Instead, I want to dwell on Sanfelippo’s thesis itself, ignoring the both the language games and the weaknesses of his supporting arguments that Macdowell so ably points out.

To the question, “Can two persons of the same gender ‘have sex’ with each other?” we hear from Holy Tradition a resounding no. Yet if we ask, “Can two persons of the same gender form a bond in which ‘the two become one?’” the scales begin to fall from our eyes.

The reframed question breathes a life-giving word to this Catholic, attuned as I am to the uneasy union of the “relational” and “procreative” ends of marriage in Catholic magisterial teaching, and persuaded as I am that the relational must be constitutive of marriage as procreation obviously cannot be. “Conjugal friendship” beautifully describes the relational telos of marriage to my ears, embracing the possibility of procreation without insisting that it is essential. “Conjugal friendship” might, indeed, equally well describe a faithful same-gender relationship that partakes of the nuptial imagery between God and humanity. What lovely possibilities it opens up.

I realize that I’m plucking the opening of a conversation within Orthodoxy and adapting it to my Catholic context, and I make no claim that my comments apply to the Orthodox context. But I do like it in my own!

For readers who are scandalized by any departure from magisterial teaching on the essential nature of procreative (PIV) sex, I heartily recommend The Sexual Person: Toward a Renewed Catholic Anthropology, by Todd A. Salzman and Michael G. Lawler, which draws attention to some of the peculiarly narrow concerns of this teaching.

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Do you understand what I have done for you?

“What I am doing, you do not understand now,
but you will understand later.”

Jesus had gone on to explain that he was giving them an example, and that they should wash one another’s feet, so they had almost forgotten that promise of later understanding. Until it happened.

It happened differently for each of them, but it happened to all of them. Peter, Andrew, James, John — each of them, sooner or later, visited the home of a friend, and was offered the customary welcome of a guest.

John was conversing amiably with his friend when the servant came in to wash his feet, but broke off in mid-sentence. He couldn’t disregard the servant and keep his attention on his host, as good manners required. How could he? The last time anyone had washed his feet, it had been Jesus. The memories washed over him: Jesus, his beloved friend and teacher… Jesus, who was seized from them, beaten, and crucified. Jesus, whose death was the death of all their hope… whose resurrection was the astonishing confirmation of it. Jesus, the Lord, the Anointed One, the Son of God. Had washed his feet.

John touched the servant lightly on the arm, interrupting his ministrations, and the youth looked up, startled. “What’s your name?” John asked, meeting his gaze.

“M..Matthias, my lord,” he stammered

“I am not your lord,” the apostle replied gently. “My name is John. Thank you for washing my feet.”

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Elizabeth on Mary, Dorothy on Therese, Ramona & Ingrid on Clare: Book Fair Finds for Women’s History Month

My church library had a used book fair this past weekend, and I came home with three books:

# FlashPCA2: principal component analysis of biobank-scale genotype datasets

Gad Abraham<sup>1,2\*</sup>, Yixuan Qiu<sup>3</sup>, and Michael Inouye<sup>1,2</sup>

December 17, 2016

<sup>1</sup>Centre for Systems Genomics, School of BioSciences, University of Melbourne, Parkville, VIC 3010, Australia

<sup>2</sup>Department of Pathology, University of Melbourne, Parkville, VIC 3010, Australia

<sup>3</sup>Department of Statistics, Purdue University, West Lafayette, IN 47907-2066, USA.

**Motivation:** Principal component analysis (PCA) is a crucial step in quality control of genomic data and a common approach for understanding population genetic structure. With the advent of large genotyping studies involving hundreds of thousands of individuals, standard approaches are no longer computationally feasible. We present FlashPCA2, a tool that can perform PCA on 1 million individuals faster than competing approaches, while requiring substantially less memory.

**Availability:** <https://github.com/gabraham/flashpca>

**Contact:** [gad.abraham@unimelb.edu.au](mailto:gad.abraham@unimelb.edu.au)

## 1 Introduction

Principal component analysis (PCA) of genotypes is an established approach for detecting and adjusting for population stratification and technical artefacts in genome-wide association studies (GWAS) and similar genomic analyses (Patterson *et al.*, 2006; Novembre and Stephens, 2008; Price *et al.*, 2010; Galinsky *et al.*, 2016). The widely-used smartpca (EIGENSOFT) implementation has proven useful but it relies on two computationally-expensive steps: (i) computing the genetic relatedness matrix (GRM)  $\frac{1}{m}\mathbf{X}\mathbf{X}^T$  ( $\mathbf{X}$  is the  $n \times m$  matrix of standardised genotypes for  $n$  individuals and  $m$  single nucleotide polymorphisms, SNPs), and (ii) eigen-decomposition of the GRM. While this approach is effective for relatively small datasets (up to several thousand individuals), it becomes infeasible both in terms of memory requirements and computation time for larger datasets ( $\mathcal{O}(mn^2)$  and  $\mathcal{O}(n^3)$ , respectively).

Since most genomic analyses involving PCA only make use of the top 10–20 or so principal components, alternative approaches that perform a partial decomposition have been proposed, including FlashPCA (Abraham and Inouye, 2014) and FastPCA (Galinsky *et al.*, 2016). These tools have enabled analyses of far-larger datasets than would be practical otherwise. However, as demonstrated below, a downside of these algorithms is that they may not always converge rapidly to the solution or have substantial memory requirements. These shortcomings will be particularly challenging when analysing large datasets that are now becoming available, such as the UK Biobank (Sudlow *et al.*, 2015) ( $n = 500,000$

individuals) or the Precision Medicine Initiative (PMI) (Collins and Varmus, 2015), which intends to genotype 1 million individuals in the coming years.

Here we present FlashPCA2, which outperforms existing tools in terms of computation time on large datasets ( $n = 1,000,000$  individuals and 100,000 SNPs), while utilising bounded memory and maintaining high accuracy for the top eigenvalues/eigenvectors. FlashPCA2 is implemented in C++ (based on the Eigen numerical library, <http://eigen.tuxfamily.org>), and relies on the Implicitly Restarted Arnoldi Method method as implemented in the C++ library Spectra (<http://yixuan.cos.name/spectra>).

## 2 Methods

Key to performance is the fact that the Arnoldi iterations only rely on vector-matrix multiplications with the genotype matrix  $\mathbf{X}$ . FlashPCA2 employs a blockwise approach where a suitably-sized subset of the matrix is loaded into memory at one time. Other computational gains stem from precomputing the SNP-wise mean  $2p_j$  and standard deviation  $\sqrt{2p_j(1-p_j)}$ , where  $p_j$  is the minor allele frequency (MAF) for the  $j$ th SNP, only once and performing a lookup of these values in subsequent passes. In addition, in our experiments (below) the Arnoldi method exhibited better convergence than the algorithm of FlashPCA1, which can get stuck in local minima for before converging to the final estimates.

Truly Our Sister: A Theology of Mary in the Com800337munion of Saints by Sr. Dr. Elizabeth Johnson, which she wrote more or less together with Friends of God and Prophets. I’m most excited about this one, because I’ve been meaning to get it for years, and my interest was rekindled when I read FOGAP with a small online group last year during Easter season. Maybe we can do Truly Our Sister the same way – anyone interested?

203984Therese, by Dorothy Day: This was not quite the book I originally thought it was, because all I saw was a slim white volume with Dorothy Day on the cover and that was enough for me to pick it up, because I don’t own anything on Dorothy Day. I was a bit disappointed when I saw it was actually about Therese of Lisieux, because I’ve heard rather a lot about “the Little Flower” since I was a little girl. But then I got to wondering… what would Dorothy Day of the Catholic Worker Movement have to say about this young woman who is normally portrayed with such cloying sentimentality? Hmm! So I decided it’s a better find than I first realized.

Praying3609776 with Clare of Assisi, by Ramona Miller & Ingrid Peterson: This is part of a series Companions for the Journey, about praying with the saints. I picked it up because I think Clare typically gets overlooked: everyone knows Francis of Assisi, but I never really learned much about Clare until grad school, and was keen on the fact that she was the first woman who wrote a Rule of monastic life for nuns that was accepted — all the previous communities of women lived according to a Rule that was written by a man. (Why did I have to go to grad school to learn this??) And because it is Lent, a book on praying with Clare seemed very timely.

What are you reading for Lent, or Women’s History Month, or both?

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Asking for Better Homilies: A How-To Guide

Some of us were dismayed and disappointed at the preaching we heard this weekend, which expounded on the Beatitudes without making even a veiled reference to the Muslim ban (aka executive order prohibiting entry to citizens from seven majority-Muslim countries, even refugees).  I generally try to engage with clergy when something like this happens, privately after the service is over.

Glad you asked, Kevin! So here’s a little how-to guide.

(Note: This post is written from my Catholic perspective, but much of it will be applicable for readers of other traditions as well. In most cases, Catholics hear homilies/sermons at Mass from priests, who are male, although deacons (also male) may also preach and sometimes do.)

First of all, the standard guidelines for giving constructive criticism apply: do it in private, do it respectfully and calmly. (If you’re not calm enough immediately afterwards, maybe go home and write an email later instead.) Talk about the thing, not the person, and talk about this specific instance.